A good evening out
October 12, 2015 9:06 PM   Subscribe

I'm giving a church-related dinner in a couple of weeks. Two people on the guest list happen to have neurological problems that make conversation difficult for them. I'm looking for advice on how to make sure they feel included in the conversation and enjoy themselves.

My church is doing a series of fundraising dinners for a broader denomination-wide social justice initiative, and I offered to host one for eight people (including my husband and me and three other couples). Of the three other couples who signed up for our dinner, one person has Alzheimers and another has a degenerative disorder that slows her speech. Both are coming with their spouses. Both are former professionals (a doctor and a history professor, both of whom are highly intelligent).

I'm a little less concerned about the guest whose degenerative disorder results in her speech challenge--it sounds as if just being patient and giving her time to get her words out is all that is needed, but I could be wrong.

However, I particularly want to make sure that the woman who has Alzheimers enjoys herself and that both she and her husband feel as if she's had a good evening out. When I talk with her at coffee hour after church, her remarks are extremely disjointed, and it feels as though I've entered an ongoing conversation for which I have no context. My approach has generally been to just take it where it leads, or to ask very concrete questions to which she finds it easy to respond (e.g. "Do you like cats?") or compliment her on the sweater she's wearing, or so forth. A lot of smiling and nodding is involved, however, and I worry that in her more lucid moments she finds that sort of thing patronizing. I know it's all very frustrating for her, and a lot of her frustration is directed toward her husband (who clearly loves her but makes her do things she doesn't quite understand).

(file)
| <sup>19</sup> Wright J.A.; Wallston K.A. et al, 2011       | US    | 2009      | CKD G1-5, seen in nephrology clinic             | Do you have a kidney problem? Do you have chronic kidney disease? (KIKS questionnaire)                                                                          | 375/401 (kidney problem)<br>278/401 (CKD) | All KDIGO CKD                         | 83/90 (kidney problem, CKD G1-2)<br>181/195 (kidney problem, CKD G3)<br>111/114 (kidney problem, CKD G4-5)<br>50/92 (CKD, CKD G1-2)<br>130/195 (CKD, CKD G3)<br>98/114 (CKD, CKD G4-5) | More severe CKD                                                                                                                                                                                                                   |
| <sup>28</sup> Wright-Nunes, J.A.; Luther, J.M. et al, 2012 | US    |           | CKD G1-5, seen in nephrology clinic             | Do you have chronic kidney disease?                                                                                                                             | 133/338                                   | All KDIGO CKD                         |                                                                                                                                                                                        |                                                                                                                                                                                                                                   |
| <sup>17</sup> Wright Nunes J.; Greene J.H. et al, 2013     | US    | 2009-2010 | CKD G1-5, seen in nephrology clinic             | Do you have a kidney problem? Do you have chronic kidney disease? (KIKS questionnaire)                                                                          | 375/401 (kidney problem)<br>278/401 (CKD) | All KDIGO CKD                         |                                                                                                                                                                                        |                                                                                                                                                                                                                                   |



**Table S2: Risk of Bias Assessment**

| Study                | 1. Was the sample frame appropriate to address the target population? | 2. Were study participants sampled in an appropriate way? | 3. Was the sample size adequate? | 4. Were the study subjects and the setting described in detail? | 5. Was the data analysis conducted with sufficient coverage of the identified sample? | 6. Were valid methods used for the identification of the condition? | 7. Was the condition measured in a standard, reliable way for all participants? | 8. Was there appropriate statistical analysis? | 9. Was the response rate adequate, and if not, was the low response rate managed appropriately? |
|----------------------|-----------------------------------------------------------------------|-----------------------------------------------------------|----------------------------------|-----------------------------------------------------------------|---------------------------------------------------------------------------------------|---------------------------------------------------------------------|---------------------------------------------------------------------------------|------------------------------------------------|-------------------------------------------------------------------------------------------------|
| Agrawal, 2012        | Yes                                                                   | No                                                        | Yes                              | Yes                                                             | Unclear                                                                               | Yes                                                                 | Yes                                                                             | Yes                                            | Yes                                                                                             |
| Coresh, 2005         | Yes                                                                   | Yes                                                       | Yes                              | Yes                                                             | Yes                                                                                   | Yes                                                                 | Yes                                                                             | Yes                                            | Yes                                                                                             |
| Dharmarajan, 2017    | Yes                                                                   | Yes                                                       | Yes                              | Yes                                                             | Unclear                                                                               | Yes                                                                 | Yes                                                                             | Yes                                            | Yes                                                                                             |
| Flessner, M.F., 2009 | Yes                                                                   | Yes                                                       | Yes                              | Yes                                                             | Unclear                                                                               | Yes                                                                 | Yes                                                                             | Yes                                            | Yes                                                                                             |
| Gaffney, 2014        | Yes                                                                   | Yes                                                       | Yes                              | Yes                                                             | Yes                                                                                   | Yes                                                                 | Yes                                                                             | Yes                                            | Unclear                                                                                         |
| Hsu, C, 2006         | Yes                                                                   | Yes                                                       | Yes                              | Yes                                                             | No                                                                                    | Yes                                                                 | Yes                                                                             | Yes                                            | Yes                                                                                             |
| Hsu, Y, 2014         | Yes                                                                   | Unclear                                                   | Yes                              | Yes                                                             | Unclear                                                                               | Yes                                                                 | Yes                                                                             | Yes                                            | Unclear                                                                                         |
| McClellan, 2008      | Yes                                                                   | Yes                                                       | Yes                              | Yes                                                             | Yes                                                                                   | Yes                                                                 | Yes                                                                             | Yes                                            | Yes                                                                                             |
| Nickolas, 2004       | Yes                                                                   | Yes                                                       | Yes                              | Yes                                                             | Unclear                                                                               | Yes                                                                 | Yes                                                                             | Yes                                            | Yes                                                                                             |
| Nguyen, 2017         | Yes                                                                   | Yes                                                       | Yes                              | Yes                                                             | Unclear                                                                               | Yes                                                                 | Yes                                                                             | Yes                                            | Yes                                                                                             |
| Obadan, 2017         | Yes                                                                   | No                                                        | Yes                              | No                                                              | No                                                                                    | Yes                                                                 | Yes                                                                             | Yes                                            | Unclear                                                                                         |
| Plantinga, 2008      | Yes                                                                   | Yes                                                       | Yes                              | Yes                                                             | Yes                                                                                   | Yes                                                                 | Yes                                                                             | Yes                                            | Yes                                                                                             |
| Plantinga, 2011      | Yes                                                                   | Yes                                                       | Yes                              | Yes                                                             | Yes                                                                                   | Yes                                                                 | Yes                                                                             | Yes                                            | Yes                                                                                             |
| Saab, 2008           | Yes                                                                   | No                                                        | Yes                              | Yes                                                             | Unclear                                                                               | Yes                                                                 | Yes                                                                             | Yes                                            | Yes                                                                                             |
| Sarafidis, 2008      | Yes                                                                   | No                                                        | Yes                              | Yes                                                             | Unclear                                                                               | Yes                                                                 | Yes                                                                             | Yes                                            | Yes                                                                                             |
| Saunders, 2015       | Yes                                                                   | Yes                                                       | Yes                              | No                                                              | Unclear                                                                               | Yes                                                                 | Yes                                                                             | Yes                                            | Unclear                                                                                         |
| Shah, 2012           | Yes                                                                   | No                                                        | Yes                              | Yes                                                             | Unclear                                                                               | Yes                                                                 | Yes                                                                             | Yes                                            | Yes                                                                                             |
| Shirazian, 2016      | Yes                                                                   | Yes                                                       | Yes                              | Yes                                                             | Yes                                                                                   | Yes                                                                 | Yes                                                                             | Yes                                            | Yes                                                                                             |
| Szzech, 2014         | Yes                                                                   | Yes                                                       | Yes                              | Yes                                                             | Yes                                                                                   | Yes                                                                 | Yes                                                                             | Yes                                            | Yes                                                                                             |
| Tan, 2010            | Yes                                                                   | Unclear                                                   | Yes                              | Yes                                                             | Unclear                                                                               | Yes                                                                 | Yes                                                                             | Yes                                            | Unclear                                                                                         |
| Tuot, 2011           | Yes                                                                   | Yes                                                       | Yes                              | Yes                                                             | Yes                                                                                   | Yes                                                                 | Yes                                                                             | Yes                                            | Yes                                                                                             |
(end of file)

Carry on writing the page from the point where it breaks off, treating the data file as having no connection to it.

I've searched for information on how to interact casually with people who have dementia, but almost all of the advice I've found is geared toward caregivers and family members. As an acquaintance and fellow parishioner who wants to help a bright person whose cognitive functions are betraying her feel as normal as possible for an evening, I'd really love some insight.
posted by tully_monster to Human Relations (3 answers total) 5 users marked this as a favorite
You might find this thread useful--there are lots of good suggestions on making conversation with an acquaintance who has dementia.
posted by hurdy gurdy girl at 9:30 PM on October 12, 2015 [1 favorite]

If you are hosting at your home, I would review the surfaces and paths of travel and lighting. To make sure everything is as safe and accessible as possible.
posted by ClaudiaCenter at 10:41 PM on October 12, 2015 [3 favorites]

Thanks, hurdy gurdy girl--I breezed past that post, thinking it was more caregiving advice, but it is very useful. We had a successful dinner, and I think she had a good time. (One or other of our boy cats took turns in her lap for most of the evening, which she really enjoyed.)

In this case, lighting and paths were not an issue for us or for her, but ClaudiaCenter's point is an excellent one in general. Thanks to both of you for your responses.
posted by tully_monster at 3:17 PM on October 25, 2015 [1 favorite]

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